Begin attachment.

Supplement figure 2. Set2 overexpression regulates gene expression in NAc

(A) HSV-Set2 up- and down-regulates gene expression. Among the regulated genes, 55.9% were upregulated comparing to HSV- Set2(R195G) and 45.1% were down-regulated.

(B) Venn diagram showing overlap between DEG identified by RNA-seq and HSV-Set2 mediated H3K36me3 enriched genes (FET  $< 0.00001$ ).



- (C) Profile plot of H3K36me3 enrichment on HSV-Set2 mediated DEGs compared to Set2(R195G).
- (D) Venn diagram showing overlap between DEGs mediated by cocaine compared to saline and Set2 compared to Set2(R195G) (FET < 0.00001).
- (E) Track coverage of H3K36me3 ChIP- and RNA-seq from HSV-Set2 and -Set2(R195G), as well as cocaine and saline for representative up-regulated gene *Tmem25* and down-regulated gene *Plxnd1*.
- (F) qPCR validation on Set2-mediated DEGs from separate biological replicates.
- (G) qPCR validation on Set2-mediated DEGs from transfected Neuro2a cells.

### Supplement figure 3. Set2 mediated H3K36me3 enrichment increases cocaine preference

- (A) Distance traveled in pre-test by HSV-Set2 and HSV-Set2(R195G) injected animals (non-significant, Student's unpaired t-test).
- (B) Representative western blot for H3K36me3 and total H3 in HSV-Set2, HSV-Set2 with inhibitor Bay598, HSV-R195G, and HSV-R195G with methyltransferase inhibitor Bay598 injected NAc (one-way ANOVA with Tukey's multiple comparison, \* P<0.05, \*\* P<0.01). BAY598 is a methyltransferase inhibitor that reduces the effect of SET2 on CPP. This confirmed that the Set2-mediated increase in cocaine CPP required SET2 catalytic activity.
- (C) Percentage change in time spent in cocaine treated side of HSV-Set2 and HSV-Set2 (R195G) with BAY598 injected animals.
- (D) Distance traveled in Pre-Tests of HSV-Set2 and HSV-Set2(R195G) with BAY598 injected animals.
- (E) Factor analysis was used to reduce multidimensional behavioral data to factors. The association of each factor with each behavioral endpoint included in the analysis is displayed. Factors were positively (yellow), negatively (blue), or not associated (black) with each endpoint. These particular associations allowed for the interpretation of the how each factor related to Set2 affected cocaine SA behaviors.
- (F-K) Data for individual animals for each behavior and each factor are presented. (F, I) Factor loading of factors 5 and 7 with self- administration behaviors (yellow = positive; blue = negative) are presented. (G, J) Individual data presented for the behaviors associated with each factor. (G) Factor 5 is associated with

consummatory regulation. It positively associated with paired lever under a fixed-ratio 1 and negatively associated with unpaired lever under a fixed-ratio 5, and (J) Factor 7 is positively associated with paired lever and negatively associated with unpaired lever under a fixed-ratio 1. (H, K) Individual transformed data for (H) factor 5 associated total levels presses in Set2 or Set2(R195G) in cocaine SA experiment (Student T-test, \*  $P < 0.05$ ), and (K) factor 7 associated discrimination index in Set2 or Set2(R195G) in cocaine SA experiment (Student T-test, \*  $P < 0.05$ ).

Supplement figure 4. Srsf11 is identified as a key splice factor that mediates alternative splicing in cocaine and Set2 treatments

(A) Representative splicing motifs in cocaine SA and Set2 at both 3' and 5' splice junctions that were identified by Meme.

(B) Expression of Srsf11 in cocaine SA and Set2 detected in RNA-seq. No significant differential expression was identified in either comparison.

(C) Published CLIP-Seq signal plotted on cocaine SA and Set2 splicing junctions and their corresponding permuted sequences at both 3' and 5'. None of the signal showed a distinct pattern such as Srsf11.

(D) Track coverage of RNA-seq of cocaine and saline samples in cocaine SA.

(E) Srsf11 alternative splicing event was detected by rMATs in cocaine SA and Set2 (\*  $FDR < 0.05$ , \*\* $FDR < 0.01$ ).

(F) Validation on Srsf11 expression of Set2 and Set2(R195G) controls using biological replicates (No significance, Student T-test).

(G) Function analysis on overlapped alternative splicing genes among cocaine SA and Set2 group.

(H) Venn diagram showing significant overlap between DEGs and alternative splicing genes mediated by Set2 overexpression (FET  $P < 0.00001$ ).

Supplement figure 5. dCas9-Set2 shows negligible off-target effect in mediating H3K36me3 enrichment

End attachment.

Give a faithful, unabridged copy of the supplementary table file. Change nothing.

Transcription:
Supplement figure 2. Set2 overexpression regulates gene expression in NAc

(A) HSV-Set2 up- and down-regulates gene expression. Among the regulated genes, 55.9% were upregulated comparing to HSV- Set2(R195G) and 45.1% were down-regulated.

(B) Venn diagram showing overlap between DEG identified by RNA-seq and HSV-Set2 mediated H3K36me3 enriched genes (FET  $< 0.00001$ ).



- (C) Profile plot of H3K36me3 enrichment on HSV-Set2 mediated DEGs compared to Set2(R195G).
- (D) Venn diagram showing overlap between DEGs mediated by cocaine compared to saline and Set2 compared to Set2(R195G) (FET < 0.00001).
- (E) Track coverage of H3K36me3 ChIP- and RNA-seq from HSV-Set2 and -Set2(R195G), as well as cocaine and saline for representative up-regulated gene *Tmem25* and down-regulated gene *Plxnd1*.
- (F) qPCR validation on Set2-mediated DEGs from separate biological replicates.
- (G) qPCR validation on Set2-mediated DEGs from transfected Neuro2a cells.

### Supplement figure 3. Set2 mediated H3K36me3 enrichment increases cocaine preference

- (A) Distance traveled in pre-test by HSV-Set2 and HSV-Set2(R195G) injected animals (non-significant, Student's unpaired t-test).
- (B) Representative western blot for H3K36me3 and total H3 in HSV-Set2, HSV-Set2 with inhibitor Bay598, HSV-R195G, and HSV-R195G with methyltransferase inhibitor Bay598 injected NAc (one-way ANOVA with Tukey's multiple comparison, \* P<0.05, \*\* P<0.01). BAY598 is a methyltransferase inhibitor that reduces the effect of SET2 on CPP. This confirmed that the Set2-mediated increase in cocaine CPP required SET2 catalytic activity.
- (C) Percentage change in time spent in cocaine treated side of HSV-Set2 and HSV-Set2 (R195G) with BAY598 injected animals.
- (D) Distance traveled in Pre-Tests of HSV-Set2 and HSV-Set2(R195G) with BAY598 injected animals.
- (E) Factor analysis was used to reduce multidimensional behavioral data to factors. The association of each factor with each behavioral endpoint included in the analysis is displayed. Factors were positively (yellow), negatively (blue), or not associated (black) with each endpoint. These particular associations allowed for the interpretation of the how each factor related to Set2 affected cocaine SA behaviors.
- (F-K) Data for individual animals for each behavior and each factor are presented. (F, I) Factor loading of factors 5 and 7 with self- administration behaviors (yellow = positive; blue = negative) are presented. (G, J) Individual data presented for the behaviors associated with each factor. (G) Factor 5 is associated with

consummatory regulation. It positively associated with paired lever under a fixed-ratio 1 and negatively associated with unpaired lever under a fixed-ratio 5, and (J) Factor 7 is positively associated with paired lever and negatively associated with unpaired lever under a fixed-ratio 1. (H, K) Individual transformed data for (H) factor 5 associated total levels presses in Set2 or Set2(R195G) in cocaine SA experiment (Student T-test, \*  $P < 0.05$ ), and (K) factor 7 associated discrimination index in Set2 or Set2(R195G) in cocaine SA experiment (Student T-test, \*  $P < 0.05$ ).

Supplement figure 4. Srsf11 is identified as a key splice factor that mediates alternative splicing in cocaine and Set2 treatments

(A) Representative splicing motifs in cocaine SA and Set2 at both 3' and 5' splice junctions that were identified by Meme.

(B) Expression of Srsf11 in cocaine SA and Set2 detected in RNA-seq. No significant differential expression was identified in either comparison.

(C) Published CLIP-Seq signal plotted on cocaine SA and Set2 splicing junctions and their corresponding permuted sequences at both 3' and 5'. None of the signal showed a distinct pattern such as Srsf11.

(D) Track coverage of RNA-seq of cocaine and saline samples in cocaine SA.

(E) Srsf11 alternative splicing event was detected by rMATs in cocaine SA and Set2 (\*  $FDR < 0.05$ , \*\* $FDR < 0.01$ ).

(F) Validation on Srsf11 expression of Set2 and Set2(R195G) controls using biological replicates (No significance, Student T-test).

(G) Function analysis on overlapped alternative splicing genes among cocaine SA and Set2 group.

(H) Venn diagram showing significant overlap between DEGs and alternative splicing genes mediated by Set2 overexpression (FET  $P < 0.00001$ ).

Supplement figure 5. dCas9-Set2 shows negligible off-target effect in mediating H3K36me3 enrichment